I chose Alma as the subject of my paper because of her vivid memories of Turkey and because of my interest in the impact of the earthquake that hit Turkey.  Practically, I chose her because she is in my sixth-period class.

The earthquake struck Turkey April 7, 0, and although Istanbul was not the center, it was hit hard.  Alma says, “It [the apartments] was just shaking back and forth, but that is good because if you are not moving, you are dying.”  Unfortunately, the lower stories of Alma’s apartment were not moving from side to side, but instead the earth was devouring them, and at the end of the earthquake they were buried, along with many of Alma’s friends and relatives.  This earthquake forced Alma and her family to leave their demolished home and their country.  “You are crying because you are leaving everything, but you are still hopeful.”

With thoughts of movie stars and dreams of her own locker, Alma shuffled onto a large brown and white plane destined to land in Atlanta at 2:34 p.m.  She was leaving her family, her cat, and everything else that couldn’t fit into suitcases.  That included Alma’s roller skates and her photo album.  She was leaving her home to go to a land only familiar to her through Steve Erkel and Zack Morris.  But, as everyone knows, television is very different from reality.

Alma was first confronted with this reality when she moved into her apartment, which was shockingly smaller than her old home.  This surprise was only the first of many.  “Oh, my God, it was like horrible,” speeds from Alma’s lips when her first day of school in America is mentioned.  Although American schools have shorter hours and fewer periods, Alma still had to adjust to the things we consider simple, like changing classes, pep rallies, and eating in a cafeteria.  “I remember I was sitting outside by my locker eating, and Ms. Fink comes and says, ‘What are you doing?’  I didn’t know about the cafeteria, and was like, ‘What is that?’ . . . and when I saw it, oh, my God.  And I still didn’t have anywhere to sit because I didn’t know any friends, so I ate alone outside for the first days.”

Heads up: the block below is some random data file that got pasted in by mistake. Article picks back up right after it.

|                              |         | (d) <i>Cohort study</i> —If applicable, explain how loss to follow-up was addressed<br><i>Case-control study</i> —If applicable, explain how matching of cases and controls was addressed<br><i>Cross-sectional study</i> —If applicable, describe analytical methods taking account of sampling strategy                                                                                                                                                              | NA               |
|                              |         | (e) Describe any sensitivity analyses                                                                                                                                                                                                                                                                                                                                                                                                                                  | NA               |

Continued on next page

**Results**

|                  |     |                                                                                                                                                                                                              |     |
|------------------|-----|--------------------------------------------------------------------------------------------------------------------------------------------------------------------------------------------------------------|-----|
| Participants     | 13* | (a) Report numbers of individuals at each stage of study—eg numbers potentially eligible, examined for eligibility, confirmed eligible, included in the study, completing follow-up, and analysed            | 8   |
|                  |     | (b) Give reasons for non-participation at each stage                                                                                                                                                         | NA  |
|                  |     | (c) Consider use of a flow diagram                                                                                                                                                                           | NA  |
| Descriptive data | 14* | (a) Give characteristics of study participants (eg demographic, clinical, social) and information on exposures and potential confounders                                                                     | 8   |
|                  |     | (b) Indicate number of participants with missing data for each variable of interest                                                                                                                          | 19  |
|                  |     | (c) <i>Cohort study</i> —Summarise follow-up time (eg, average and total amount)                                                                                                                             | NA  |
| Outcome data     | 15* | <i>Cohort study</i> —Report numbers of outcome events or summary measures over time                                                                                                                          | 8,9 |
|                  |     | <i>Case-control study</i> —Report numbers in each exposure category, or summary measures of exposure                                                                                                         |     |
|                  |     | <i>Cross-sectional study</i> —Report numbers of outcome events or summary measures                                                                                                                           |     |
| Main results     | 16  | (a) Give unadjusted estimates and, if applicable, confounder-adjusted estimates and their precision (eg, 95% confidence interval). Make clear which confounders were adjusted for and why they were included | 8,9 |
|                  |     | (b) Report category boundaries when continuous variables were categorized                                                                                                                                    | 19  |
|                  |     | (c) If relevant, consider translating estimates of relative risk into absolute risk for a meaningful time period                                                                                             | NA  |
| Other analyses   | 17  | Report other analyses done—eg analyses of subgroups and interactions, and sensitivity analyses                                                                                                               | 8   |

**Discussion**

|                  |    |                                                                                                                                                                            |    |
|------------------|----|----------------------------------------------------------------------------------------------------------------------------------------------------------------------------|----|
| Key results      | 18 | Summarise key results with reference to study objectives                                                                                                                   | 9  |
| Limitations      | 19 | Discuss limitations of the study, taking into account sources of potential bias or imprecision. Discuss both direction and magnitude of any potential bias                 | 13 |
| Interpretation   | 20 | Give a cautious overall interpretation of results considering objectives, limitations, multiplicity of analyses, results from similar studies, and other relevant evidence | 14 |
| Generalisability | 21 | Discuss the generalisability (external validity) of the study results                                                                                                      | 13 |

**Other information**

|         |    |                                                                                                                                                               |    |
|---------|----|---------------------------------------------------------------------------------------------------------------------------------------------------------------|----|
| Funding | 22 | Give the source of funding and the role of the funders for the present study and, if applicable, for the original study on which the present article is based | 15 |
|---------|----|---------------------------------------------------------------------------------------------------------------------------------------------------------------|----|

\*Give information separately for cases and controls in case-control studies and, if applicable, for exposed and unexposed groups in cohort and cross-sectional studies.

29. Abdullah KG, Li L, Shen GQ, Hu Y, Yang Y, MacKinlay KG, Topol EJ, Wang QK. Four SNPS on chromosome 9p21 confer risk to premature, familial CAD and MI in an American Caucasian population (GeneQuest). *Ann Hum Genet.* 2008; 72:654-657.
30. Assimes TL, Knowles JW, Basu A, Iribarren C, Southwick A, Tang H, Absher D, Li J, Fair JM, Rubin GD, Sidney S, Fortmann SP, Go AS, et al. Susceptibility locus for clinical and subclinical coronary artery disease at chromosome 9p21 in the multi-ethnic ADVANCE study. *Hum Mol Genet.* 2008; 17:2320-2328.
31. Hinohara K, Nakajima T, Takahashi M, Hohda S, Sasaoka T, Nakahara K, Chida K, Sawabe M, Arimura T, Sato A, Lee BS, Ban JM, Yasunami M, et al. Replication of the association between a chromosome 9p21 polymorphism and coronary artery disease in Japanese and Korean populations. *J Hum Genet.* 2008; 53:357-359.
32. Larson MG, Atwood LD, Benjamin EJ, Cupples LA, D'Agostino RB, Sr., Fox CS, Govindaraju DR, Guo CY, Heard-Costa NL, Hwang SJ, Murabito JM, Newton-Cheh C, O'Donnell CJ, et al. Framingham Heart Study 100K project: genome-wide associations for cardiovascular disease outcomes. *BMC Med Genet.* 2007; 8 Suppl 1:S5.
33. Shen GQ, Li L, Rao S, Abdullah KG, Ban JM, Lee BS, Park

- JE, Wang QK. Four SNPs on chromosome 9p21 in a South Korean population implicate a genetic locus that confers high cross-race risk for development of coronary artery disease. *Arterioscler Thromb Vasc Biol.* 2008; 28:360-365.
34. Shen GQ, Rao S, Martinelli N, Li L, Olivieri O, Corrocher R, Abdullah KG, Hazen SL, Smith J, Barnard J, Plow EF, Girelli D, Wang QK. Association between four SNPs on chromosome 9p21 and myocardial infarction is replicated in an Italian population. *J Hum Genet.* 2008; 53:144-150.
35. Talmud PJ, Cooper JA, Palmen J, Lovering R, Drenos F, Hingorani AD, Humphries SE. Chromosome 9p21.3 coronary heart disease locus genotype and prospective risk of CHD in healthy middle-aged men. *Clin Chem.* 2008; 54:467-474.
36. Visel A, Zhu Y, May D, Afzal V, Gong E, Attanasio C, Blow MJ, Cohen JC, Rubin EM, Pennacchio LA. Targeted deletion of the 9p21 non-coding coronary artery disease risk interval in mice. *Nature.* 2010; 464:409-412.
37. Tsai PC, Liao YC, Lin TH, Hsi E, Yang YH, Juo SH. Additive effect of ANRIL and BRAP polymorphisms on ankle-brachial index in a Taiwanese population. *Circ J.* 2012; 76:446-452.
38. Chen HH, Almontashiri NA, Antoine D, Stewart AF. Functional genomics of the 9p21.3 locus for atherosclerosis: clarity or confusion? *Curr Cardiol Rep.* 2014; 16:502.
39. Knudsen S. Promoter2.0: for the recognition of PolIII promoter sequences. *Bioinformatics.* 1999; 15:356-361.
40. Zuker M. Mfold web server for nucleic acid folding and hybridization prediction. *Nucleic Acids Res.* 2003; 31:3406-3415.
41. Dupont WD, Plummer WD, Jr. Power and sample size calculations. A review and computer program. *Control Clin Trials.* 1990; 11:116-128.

Despite these many necessary adjustments, Alma is still appreciative of her education at Chamblee, which she says is like that of “the best private schools in Turkey.”  She also likes the American school system because “it is much, much easier to get into college in America than in Turkey.”

Although she has adjusted rather well to school, there are still several aspects of American life that Alma is not acclimated to yet, like the food, which she thinks is “not as good as our special foods. … When you buy a tomato there [Turkey],” she closes her eyes, “you smell it and you want to eat it.”  She abruptly reopens her eyes and concludes, “Here a tomato is just a tomato.”  In addition to the quality of food, Alma also has had to adapt to the music, especially rap, and says that here “you need to have a car to do everything.”

Despite the many adaptations and societal differences in America , the family still warmly embrace America and its culture.  While most immigrants fear that their heritage will fade and become a mere sprinkle of pepper in America’s huge cauldron of cultures and do everything to shield themselves from being Americanized at all costs, American culture runs wild at Alma’s house.  When one enters Alma’s apartment, the sounds of Star94 rush to one’s ears, and if one ventures farther, one sees an American flag magnet on the refrigerator door, and in the refrigerator it’s all American—from the cheese to the O.J. to the Kraft barbecue sauce.  In fact, Alma says, “My mom would be happy if I married an American because I am an American.  I like America, so it is not a problem.”